Regulars at one of Perth’s best-known cafes are up in arms about the charge imposed on water, with some threatening to withdraw their patronage, as Julie-anne Sprague discovered.

ONE of the most frequently asked questions posted on the Department of Racing, Gaming and Liquor site is whether licensed premises are required to provide water, free of charge, under the Liquor Licensing Act.

It’s an issue that has struck a sore point with some of Oriel Cafe Brasserie customers, who have recently completed a survey about Oriel’s policy of charging $1.50 for a 330ml bottle of Evian, introduced seven months ago.

The department’s website states: “As part of Responsible Server Practices licensees are required to ensure that there is food and non-alcoholic beverages available, but the Act does not prohibit the licensee from imposing a charge for the provision of water etc.”

While the legislation does not stipulate water must, or should, be free of charge, some of Oriel’s consumers certainly think it should be.

Oriel proprietor Loretta Evangelisti says that, while 90 per cent of the respondents surveyed oppose having to pay for water, the cafe will continue to charge for it.

“Seven months ago we started charging for water at a subsidised rate. We decided to do that based on evaluations we did on the cost to serve people water,” she says.

“We based the cost on the average time to deliver it and fixed costs and not including the glass and water.

“The cost of the water is not as expensive as the cost of taking the order, using the ice machine etc.”

Ms Evangelisti says it costs Oriel around $2.96 to service a glass of water to each consumer, and that in summer the cafe services about 20,000 to 30,000 glasses of water a week.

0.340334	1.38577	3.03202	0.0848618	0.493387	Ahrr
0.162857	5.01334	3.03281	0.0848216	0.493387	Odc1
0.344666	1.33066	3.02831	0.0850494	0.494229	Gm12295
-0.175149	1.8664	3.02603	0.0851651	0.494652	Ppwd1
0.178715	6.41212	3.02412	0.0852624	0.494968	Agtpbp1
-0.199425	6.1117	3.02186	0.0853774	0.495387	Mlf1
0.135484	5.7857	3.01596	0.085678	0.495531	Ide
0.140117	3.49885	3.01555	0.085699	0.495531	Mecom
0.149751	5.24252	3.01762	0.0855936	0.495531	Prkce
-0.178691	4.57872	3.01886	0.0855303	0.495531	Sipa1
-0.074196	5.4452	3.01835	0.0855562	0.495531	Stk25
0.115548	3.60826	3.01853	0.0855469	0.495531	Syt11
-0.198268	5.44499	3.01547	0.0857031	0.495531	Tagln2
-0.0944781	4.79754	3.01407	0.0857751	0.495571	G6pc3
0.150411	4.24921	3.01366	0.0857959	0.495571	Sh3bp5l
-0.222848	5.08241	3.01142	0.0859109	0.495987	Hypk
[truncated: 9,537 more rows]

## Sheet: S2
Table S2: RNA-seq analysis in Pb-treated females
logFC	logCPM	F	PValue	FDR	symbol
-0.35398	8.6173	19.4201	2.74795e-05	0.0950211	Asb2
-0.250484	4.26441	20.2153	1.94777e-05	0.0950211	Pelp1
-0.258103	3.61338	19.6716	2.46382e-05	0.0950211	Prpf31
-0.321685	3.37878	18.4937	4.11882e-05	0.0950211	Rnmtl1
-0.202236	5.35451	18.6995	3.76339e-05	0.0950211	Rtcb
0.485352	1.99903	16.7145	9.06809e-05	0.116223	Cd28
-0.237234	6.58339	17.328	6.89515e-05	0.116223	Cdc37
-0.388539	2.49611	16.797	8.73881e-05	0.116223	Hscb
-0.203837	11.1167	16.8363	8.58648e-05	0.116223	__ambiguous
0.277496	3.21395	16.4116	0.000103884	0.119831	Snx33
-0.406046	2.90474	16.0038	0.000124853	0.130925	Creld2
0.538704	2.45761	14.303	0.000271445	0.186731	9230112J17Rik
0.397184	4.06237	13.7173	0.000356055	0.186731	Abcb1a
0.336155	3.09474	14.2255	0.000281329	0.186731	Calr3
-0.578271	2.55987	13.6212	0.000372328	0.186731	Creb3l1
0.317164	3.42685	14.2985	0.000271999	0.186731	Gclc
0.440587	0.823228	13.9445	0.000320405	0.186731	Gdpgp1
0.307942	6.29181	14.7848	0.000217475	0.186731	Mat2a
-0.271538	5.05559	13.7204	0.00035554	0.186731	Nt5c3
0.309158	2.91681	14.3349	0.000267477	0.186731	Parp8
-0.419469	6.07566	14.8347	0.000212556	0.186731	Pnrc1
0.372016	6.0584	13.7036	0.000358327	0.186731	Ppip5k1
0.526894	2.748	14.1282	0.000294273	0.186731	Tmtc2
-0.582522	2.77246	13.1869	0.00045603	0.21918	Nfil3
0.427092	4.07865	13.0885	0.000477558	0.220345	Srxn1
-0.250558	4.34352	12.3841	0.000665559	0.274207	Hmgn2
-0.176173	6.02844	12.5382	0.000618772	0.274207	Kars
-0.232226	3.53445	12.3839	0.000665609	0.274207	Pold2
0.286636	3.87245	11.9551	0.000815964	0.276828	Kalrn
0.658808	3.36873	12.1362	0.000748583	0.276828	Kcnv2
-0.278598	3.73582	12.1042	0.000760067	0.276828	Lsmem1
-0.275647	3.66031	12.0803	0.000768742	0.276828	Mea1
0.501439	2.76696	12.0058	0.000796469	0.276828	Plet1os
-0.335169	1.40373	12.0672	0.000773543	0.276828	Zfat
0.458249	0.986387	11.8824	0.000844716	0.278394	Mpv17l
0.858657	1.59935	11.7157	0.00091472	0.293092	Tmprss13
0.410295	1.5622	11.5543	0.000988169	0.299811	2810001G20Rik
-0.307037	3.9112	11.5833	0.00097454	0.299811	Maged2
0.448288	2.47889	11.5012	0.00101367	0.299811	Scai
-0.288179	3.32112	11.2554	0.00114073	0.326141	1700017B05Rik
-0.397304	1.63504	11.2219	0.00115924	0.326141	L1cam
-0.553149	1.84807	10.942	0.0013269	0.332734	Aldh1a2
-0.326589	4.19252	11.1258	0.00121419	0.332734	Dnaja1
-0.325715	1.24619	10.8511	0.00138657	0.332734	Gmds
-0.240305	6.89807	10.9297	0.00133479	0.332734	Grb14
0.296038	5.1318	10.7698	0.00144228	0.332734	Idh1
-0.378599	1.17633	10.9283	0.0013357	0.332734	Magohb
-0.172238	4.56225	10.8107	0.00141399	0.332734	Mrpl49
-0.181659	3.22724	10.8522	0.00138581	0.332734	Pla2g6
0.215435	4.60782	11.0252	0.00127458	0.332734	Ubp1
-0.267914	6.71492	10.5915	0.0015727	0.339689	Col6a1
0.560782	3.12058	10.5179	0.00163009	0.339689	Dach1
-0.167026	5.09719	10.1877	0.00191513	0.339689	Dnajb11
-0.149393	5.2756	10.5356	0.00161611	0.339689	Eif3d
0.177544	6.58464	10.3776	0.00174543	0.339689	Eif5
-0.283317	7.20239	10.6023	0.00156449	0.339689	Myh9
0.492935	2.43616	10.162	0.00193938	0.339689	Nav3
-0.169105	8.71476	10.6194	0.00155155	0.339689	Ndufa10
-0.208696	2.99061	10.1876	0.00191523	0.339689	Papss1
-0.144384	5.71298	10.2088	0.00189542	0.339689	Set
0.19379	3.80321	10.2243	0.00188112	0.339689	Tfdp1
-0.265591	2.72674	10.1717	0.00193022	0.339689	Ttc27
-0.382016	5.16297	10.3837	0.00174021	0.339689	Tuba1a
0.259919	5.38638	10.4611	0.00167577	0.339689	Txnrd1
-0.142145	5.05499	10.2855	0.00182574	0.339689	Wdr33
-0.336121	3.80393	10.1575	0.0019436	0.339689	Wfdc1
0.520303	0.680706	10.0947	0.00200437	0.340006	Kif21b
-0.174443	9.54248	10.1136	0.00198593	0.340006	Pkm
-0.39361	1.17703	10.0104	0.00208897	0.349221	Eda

While Ms Evangelisti concedes that many businesses do not charge for water, she says the unique nature of her business requires her to put reasonable prices on water.

“We often get early morning athletes in here who come and read the paper and just get water, often two to three glasses, and then they leave,” Ms Evangelisti says.

“Our overheads and running costs are different to other establishments, and at night time we would have to hire more staff simply to service the water demand.”

She says she prefers to be up front about Oriel’s costs rather than absorbing them into the general menu.

“Instead of putting coffee and drinks up across the board we decided to subsidise water. We don’t want to penalise the people ordering other things,” Ms Evangelisti says.

The 70 respondents to the Oriel survey were from a wide range of industries, from housewives to accountants, and across many age brackets.

And even though some big spending customers have commented that they will not return to the cafe as long as they are charged for water, Ms Evangelisti says she will continue to charge a subsidised fee to keep a sufficient staffing structure.

“If we started serving water free of charge it would mean I would have to look at putting on less staff and cutting down hours in the kitchen,” she says.

Ms Evangelisti is also considering the fate of Oriel’s 24-hour operation after new increases to the award rate this week.

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